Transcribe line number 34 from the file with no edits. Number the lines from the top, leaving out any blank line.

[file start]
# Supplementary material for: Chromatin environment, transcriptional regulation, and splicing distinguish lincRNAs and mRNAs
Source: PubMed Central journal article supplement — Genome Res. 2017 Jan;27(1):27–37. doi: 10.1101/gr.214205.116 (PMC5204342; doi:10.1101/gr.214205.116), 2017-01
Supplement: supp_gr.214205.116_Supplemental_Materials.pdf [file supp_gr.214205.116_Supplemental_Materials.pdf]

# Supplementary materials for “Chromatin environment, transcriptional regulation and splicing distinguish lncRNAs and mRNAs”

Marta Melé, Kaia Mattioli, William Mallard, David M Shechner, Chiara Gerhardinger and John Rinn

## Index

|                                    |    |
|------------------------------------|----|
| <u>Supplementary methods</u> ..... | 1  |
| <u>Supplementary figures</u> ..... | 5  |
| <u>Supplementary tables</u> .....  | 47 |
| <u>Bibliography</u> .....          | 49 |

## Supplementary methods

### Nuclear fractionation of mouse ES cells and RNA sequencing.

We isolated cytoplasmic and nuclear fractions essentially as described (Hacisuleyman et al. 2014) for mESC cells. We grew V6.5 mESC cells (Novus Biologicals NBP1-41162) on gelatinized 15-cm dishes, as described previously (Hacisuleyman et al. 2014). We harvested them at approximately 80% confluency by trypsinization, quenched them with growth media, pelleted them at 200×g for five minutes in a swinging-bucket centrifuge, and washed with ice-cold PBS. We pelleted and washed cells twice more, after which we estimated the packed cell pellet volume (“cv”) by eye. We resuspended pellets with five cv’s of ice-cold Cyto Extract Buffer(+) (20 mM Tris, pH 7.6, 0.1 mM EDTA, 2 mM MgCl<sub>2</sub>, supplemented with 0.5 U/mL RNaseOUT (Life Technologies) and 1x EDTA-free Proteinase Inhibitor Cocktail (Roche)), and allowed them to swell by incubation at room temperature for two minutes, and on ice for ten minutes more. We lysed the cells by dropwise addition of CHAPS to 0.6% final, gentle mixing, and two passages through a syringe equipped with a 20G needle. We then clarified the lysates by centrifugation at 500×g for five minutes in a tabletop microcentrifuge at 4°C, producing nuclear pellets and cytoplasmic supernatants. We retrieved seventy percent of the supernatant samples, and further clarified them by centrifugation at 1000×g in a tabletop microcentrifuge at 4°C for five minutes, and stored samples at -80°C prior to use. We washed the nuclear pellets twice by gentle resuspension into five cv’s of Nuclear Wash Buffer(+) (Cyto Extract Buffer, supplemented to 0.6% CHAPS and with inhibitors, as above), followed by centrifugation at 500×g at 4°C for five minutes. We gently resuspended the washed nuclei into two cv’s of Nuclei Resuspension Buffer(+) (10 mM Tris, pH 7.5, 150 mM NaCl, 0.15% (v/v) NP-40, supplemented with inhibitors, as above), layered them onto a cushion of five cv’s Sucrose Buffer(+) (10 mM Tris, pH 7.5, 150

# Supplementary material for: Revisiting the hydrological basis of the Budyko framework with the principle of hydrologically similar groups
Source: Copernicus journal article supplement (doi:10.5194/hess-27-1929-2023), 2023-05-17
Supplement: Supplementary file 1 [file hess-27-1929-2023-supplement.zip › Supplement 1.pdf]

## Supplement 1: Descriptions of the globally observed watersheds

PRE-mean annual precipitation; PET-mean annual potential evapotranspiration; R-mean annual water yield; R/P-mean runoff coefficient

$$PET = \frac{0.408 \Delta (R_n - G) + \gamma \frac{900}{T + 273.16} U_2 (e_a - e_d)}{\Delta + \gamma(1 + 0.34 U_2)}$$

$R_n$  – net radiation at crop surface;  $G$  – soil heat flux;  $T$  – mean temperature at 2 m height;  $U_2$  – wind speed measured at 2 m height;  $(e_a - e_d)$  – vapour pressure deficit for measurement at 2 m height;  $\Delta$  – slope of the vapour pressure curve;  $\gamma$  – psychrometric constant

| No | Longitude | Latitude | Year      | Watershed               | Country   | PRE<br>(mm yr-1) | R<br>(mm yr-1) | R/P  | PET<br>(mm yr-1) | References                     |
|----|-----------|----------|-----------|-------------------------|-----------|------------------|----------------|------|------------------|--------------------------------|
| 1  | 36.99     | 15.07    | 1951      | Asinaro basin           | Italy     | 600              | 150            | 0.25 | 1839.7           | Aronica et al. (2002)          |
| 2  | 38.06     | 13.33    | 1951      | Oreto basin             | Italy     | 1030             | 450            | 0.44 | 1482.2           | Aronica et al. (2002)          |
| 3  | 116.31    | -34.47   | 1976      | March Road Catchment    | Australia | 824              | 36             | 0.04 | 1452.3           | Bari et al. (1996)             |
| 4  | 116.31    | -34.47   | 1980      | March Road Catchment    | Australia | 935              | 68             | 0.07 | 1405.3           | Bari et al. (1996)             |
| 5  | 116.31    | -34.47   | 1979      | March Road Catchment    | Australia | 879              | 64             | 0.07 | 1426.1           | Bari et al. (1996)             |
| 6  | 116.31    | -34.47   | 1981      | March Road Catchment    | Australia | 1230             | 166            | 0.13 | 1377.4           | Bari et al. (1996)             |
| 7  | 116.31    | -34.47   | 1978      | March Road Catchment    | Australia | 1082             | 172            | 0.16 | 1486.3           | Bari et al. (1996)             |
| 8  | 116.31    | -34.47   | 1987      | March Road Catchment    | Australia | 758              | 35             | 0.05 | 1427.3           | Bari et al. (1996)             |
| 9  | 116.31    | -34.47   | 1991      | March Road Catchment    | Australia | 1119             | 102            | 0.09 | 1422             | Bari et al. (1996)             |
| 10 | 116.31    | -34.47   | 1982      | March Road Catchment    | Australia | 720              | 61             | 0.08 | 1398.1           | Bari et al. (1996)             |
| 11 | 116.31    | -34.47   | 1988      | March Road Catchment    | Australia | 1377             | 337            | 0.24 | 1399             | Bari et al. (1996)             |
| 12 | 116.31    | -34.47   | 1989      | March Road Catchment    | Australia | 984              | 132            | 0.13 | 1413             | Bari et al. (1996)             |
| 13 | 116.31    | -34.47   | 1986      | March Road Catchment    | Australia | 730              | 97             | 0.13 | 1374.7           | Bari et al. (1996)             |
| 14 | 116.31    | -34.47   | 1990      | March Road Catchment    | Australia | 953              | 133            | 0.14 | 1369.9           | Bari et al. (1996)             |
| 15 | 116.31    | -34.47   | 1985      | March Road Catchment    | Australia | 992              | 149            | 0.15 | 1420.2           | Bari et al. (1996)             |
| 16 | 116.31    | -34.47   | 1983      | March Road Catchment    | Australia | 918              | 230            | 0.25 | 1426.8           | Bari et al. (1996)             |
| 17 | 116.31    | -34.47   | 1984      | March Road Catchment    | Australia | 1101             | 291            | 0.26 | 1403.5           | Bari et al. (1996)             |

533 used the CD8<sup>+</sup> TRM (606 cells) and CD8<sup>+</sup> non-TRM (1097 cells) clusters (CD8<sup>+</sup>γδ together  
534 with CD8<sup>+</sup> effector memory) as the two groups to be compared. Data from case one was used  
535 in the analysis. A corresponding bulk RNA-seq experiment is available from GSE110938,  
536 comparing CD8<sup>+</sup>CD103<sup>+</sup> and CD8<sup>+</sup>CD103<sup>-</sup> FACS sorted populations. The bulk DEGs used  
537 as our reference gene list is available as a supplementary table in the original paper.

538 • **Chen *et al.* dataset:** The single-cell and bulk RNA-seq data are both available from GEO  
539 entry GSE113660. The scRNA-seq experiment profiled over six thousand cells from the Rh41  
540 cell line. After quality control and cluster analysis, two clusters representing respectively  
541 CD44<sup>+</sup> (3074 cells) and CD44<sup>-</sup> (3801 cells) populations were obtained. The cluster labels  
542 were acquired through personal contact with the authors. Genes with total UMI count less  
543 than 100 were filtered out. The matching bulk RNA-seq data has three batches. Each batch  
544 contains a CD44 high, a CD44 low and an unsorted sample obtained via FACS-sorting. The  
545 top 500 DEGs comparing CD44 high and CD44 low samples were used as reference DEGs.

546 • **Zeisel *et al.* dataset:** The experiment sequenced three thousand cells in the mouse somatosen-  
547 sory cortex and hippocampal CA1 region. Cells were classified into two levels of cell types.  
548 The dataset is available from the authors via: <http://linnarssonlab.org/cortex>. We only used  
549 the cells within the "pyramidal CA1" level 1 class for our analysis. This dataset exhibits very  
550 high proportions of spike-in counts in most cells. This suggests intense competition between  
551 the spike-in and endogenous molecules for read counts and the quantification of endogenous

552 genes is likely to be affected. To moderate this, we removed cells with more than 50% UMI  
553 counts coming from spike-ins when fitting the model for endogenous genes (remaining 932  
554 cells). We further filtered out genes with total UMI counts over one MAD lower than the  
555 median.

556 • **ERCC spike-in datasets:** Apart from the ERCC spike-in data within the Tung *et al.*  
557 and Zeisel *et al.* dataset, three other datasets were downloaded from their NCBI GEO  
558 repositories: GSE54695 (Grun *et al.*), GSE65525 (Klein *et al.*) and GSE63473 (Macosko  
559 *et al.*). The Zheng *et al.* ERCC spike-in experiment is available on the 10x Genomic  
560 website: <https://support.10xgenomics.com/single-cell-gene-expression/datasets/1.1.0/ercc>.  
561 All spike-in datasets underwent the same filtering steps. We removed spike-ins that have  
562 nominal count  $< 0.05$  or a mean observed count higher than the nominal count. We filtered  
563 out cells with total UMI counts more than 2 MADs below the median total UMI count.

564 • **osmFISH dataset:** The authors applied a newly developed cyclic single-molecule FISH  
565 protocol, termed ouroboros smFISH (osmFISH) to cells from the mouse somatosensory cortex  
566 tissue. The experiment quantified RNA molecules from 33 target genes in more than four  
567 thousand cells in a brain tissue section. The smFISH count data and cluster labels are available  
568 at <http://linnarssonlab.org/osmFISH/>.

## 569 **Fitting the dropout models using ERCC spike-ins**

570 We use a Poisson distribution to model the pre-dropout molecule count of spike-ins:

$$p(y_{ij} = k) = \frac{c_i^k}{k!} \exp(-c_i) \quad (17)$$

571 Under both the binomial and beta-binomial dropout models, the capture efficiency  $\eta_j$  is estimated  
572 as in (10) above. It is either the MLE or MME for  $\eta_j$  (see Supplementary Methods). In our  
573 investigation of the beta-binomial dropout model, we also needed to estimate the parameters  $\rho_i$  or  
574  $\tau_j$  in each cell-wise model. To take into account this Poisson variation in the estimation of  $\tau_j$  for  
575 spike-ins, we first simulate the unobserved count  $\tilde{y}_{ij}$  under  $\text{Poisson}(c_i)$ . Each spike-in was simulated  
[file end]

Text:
| 10 | 116.31    | -34.47   | 1982      | March Road Catchment    | Australia | 720              | 61             | 0.08 | 1398.1           | Bari et al. (1996)             |